This is not all. It is not the end. AND it is not the norm. I have found this born out in many other GOOD peoples’ lives, much, much better than me – better Christians in word, deed, heart, emotion, spiritual formation, attitudes, treatment of enemies, etc. You see, in our “American” faith – thank you Zondervan, and the many publishing companies that focus first on a) will it sell – over and above – what is God saying”… we don’t tarry long in the passages that don’t reinforce these uniquely American optimisms. We don’t dwell on the holocaust and the millions murdered, including saints, most noted being Deitrich Bonhoffer, nor his words to such evil and lives senselessly lost. We don’t think about the Tutsi’s and Hutu’s in Africa long, the slaughter in the Sudan, or across Africa; we don’t think long about the martyrs in the Middle East, South Asia or China; nor Central/South America. We don’t tarry long on our racism and hate yet present in America. We don’t tarry long on our actions of empire – military and economic bullying nor the sin of lording over those more vulnerable. We skip those passages and fail to connect individuals to our society or nation states. We don’t like to think about people suffering and failing and not reaching anything worth of note because life was hard and hurt them, and broke them and then kicked them again.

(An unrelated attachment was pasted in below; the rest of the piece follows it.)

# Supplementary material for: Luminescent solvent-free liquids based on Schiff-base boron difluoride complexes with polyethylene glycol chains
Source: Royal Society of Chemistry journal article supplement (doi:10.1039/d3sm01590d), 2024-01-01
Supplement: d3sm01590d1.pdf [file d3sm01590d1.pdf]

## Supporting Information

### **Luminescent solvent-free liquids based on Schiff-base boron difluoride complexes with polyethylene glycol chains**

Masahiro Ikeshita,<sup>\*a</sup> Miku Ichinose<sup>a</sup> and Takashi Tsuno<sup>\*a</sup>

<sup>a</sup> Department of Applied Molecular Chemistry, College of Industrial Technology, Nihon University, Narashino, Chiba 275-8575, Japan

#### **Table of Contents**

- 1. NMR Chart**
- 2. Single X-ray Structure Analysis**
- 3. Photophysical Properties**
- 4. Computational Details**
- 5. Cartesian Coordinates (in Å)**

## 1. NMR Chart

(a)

We also don’t think about people wanting to follow Christ, but never getting to a place to be centered and fulfilled in what they do each day – never freed up to pursue their heart’s desire, for if God gave a person a passion – certainly it will be fulfilled… or they in their desire to hear God missed what He was saying or it would be so.
No, my experience is one where it only partially works out. There have been times when I felt centered, felt fulfilled, but – yet – most of the time – that’s not reality. It’s a false truth found only in the American theology and not present when you see the entire counsel of God’s Word in perspective. There were as many who unjustly suffered, more than half, contrasted to the few who were “blessed” and “favored” and for whom it worked out. Even Job, given more, more children even, no one stops and thinks of the unquenchable stabbing ache of the loss of his children – whom he would have dug out of the rubble and buried himself… crushed, dead, lifeless. We don’t even like to think that the cute little baby with sweet music we sing about at Christmas, came but for one reason… “Behold the Lamb of God, who takes away the sin of the world.” …by being mistreated, humiliated, tortured and then murdered in a cruel “do not defy Rome or this is your fate” form of execution. We forget the martyrs over the centuries in every corner of the globe…most never written about, forgotten, nothing “significant”…